Janelle Asselin, a good friend and colleague of mine (and former TMS weekend editor), spurred this recent round of discussion thanks to a critique she wrote on CBR of a new Teen Titans comic book cover. Because one of her critiques happened to include the size and shape of a teenage character’s breasts, she received all manner of harassment, including rape threats sent via a survey she was conducting on…wait for it…sexual harassment in the comic community.

What Janelle experienced (some more details in her own words here), was not new. Let me repeat. Was. Not. New. It’s happened for years, to countless individuals. Not just in comics, obviously, but every industry.

I’m happy to see folks like Dan Slott, Brian Michael Bendis, Matt Fraction, and more – probably big names to the disgusting offenders – publicly decrying the behavior as abhorrent and unacceptable. Fellow journalist (and dude) Andy Khouri just added to the growing pile with a piece on Comics Alliance, “Fake Geek Guys: A Message About Sexual Harassment.”

But a part of me is also sad. Why? One, because this has been going on for far too long (This is just the latest outcry. Remember when Mark Millar got involved after hearing about a notoriously vile troll who went after myselfdcwomenkickingass and others? That’s just one of many.) and because these men’s voices seem to carry louder in the community than the women who’ve been experiencing it first hand and speaking out about it for years. And two, because I’m not sure it will have any effect whatsoever on the offenders. That minuscule segment of the community is set in its ways. Comics are for them. Don’t let anyone else in. This set of Double D’s are for me. Period.

It’s also important to remember there are numerous women without someone famous speaking on their behalf. I know women who have quit doing what they love because of the threats they’ve received and how scared they’d been made to live as a result. It’s unacceptable. So what do we do?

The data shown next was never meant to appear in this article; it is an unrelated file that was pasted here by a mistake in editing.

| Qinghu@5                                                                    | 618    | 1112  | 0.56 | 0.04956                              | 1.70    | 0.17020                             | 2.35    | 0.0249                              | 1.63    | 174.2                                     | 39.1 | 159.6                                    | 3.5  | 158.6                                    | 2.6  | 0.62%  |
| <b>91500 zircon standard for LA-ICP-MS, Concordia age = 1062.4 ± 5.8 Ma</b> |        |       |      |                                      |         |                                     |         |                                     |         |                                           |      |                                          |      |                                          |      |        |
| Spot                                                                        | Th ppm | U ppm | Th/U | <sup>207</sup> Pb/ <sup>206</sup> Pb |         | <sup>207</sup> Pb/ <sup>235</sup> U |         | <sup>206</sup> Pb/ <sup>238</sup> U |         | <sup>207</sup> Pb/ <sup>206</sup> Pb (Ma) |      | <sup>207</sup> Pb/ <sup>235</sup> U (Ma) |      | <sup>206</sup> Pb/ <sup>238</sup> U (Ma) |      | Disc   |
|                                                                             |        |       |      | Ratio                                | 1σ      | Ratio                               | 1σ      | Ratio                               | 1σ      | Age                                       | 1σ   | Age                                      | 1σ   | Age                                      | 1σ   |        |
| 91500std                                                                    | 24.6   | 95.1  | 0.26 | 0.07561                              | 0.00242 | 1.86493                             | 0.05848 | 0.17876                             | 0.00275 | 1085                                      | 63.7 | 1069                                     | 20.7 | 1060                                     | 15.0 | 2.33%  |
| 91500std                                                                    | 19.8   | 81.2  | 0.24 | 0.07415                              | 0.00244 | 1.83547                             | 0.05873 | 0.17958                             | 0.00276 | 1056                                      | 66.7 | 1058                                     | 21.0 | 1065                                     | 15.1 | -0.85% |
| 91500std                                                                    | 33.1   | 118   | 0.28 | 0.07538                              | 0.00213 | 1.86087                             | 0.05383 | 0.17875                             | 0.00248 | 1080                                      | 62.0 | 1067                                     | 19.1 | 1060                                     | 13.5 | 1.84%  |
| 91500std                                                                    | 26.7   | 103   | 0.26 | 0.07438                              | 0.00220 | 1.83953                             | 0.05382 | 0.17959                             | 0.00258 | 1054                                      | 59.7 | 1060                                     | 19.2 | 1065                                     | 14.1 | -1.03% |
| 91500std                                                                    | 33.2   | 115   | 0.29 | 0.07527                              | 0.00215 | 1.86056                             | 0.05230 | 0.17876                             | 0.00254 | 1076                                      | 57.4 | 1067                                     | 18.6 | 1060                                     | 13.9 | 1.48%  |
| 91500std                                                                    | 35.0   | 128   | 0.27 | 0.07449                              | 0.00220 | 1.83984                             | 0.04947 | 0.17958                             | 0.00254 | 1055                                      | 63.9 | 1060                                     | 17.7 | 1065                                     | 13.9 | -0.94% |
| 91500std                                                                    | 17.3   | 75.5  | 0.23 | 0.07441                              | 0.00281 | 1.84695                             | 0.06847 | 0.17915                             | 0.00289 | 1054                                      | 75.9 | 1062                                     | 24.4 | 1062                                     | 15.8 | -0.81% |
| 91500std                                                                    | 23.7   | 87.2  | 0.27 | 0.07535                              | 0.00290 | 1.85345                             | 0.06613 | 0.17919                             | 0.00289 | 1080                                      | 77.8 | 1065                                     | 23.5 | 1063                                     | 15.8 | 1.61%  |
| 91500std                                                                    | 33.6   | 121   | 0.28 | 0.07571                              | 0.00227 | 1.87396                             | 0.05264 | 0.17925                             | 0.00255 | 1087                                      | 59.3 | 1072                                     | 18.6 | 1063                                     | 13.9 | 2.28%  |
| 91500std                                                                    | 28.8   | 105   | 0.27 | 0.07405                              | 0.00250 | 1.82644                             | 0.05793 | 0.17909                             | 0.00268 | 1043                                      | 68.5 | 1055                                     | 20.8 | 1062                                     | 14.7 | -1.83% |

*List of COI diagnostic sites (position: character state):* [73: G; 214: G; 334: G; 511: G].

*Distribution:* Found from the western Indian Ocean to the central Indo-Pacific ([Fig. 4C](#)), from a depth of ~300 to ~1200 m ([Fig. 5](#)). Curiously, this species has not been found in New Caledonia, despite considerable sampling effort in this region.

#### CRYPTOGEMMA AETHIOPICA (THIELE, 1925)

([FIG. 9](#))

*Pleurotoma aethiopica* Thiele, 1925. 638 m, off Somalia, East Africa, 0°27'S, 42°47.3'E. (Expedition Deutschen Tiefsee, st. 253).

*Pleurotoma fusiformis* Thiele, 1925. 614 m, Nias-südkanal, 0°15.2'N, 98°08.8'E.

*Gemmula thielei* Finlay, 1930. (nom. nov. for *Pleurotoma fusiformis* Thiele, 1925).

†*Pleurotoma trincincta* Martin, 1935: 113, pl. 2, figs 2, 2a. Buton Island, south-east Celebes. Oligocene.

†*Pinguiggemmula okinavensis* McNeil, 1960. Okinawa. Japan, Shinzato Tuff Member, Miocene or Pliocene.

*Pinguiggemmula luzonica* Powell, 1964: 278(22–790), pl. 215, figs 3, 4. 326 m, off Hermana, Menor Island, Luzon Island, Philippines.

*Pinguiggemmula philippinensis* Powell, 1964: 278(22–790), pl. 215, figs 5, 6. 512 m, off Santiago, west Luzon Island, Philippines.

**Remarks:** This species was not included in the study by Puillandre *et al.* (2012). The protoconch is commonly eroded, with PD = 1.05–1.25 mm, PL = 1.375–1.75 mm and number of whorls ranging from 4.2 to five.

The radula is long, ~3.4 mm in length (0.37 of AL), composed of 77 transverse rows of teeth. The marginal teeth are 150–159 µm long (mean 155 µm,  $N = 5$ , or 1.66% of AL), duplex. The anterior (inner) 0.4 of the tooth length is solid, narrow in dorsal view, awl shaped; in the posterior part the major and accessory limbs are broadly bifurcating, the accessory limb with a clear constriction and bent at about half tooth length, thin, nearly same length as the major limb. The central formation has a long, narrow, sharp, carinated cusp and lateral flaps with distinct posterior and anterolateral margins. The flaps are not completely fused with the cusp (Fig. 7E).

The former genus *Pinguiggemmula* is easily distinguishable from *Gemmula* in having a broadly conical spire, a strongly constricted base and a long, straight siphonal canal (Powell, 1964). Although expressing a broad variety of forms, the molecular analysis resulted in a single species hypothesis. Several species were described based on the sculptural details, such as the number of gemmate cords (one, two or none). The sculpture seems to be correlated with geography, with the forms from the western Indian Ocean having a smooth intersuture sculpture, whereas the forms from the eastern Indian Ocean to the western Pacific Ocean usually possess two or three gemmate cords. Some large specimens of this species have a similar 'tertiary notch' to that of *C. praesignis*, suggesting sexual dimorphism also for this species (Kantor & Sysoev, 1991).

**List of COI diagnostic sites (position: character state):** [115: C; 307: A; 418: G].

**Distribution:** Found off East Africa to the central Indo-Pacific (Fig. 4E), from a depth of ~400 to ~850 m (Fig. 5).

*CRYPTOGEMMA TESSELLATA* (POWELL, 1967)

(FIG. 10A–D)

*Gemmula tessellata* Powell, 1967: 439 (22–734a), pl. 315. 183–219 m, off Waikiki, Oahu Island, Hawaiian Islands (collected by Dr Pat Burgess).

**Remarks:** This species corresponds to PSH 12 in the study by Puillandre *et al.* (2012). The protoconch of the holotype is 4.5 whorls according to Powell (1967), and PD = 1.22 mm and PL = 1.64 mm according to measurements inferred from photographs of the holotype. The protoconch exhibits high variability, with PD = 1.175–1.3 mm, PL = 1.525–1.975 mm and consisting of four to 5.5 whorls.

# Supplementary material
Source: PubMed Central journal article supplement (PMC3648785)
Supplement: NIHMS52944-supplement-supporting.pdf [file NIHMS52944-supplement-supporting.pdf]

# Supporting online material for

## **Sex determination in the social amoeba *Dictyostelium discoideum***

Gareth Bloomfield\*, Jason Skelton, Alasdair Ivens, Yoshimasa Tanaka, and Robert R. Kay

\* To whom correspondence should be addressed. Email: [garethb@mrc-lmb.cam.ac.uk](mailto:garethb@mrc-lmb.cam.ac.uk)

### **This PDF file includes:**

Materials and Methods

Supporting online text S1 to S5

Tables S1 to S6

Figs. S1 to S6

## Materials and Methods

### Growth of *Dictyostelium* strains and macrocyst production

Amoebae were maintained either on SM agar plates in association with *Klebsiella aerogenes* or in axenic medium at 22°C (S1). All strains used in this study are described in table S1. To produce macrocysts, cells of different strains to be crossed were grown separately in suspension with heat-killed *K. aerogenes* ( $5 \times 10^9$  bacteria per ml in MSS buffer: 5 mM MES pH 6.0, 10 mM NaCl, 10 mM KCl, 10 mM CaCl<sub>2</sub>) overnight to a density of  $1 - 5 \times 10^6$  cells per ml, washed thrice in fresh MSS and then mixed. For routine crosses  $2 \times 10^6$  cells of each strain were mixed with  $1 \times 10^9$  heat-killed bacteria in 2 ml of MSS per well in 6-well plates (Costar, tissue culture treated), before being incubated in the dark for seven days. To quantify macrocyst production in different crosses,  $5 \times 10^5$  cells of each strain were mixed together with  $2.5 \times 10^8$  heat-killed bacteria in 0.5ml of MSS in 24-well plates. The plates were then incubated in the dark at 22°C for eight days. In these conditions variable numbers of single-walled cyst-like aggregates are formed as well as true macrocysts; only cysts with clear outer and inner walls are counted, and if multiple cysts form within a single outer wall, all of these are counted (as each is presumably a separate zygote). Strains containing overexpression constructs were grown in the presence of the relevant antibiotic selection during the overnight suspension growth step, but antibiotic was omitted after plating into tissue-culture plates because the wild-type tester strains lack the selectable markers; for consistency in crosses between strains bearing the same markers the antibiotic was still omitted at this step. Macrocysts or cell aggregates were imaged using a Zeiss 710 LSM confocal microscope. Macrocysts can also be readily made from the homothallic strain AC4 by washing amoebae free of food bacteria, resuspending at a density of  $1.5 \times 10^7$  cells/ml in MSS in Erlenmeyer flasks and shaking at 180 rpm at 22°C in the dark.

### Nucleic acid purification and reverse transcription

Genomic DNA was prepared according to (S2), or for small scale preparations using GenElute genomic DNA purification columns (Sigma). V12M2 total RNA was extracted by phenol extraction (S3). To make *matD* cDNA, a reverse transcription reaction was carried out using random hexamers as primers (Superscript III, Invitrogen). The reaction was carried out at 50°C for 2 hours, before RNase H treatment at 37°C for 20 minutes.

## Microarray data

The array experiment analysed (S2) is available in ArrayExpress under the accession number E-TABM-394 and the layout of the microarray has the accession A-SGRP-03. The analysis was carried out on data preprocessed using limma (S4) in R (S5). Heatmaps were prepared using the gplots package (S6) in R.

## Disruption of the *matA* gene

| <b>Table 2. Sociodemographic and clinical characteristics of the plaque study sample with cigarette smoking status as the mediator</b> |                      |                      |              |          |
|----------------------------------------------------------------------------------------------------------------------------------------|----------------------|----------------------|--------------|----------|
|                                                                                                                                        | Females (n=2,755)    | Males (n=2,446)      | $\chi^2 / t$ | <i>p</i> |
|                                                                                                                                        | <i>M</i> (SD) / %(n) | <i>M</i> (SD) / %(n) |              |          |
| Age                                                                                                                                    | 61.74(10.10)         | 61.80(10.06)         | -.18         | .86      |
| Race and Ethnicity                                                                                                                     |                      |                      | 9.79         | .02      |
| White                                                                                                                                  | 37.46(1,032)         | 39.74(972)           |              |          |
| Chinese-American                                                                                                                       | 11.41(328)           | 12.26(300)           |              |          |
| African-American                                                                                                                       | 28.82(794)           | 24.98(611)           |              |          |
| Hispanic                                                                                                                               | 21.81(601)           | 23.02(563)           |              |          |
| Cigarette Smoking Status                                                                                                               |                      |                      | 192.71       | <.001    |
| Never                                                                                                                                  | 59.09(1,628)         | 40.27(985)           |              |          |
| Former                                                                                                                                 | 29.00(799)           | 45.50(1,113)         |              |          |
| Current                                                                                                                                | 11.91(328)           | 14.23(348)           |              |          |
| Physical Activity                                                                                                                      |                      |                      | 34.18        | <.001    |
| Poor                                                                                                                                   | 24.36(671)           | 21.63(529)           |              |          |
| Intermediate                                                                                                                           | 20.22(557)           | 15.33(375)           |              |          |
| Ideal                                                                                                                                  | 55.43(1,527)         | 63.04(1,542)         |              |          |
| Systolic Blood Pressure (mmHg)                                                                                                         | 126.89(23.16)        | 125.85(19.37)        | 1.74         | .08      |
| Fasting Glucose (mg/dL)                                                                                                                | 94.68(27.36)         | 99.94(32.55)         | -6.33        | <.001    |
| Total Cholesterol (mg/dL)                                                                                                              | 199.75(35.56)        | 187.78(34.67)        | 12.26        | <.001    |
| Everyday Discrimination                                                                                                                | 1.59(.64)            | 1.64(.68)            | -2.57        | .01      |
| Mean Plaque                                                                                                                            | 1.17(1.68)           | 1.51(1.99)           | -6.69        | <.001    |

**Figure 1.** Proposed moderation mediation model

Rachel Edidin had some good thoughts in her recent Tumblr post but bottom line? Shun them. Seriously. Shun them. Do not accept them in our community. You may say, “I’ve never seen someone make a rape threat online,” but can you say the same about a rape joke, or a man telling a women she’s being “too emotional” or “she needs to get laid?” My guess is no. And guess what? That’s where it starts. Making someones’ gender an attack point.

You see it. You know you do. Next time, say something.

(top pic via Wonder Woman #19, Cliff Chiang art)

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Jill Pantozzi
Jill Pantozzi is a pop-culture journalist and host who writes about all things nerdy and beyond! She’s Editor in Chief of the geek girl culture site The Mary Sue (Abrams Media Network), and hosts her own blog “Has Boobs, Reads Comics” ( She co-hosts the Crazy Sexy Geeks podcast along with superhero historian Alan Kistler, contributed to a book of essays titled “Chicks Read Comics,” (Mad Norwegian Press) and had her first comic book story in the IDW anthology, “Womanthology.” In 2012, she was featured on National Geographic’s "Comic Store Heroes," a documentary on the lives of comic book fans and the following year she was one of many Batman fans profiled in the documentary, "Legends of the Knight."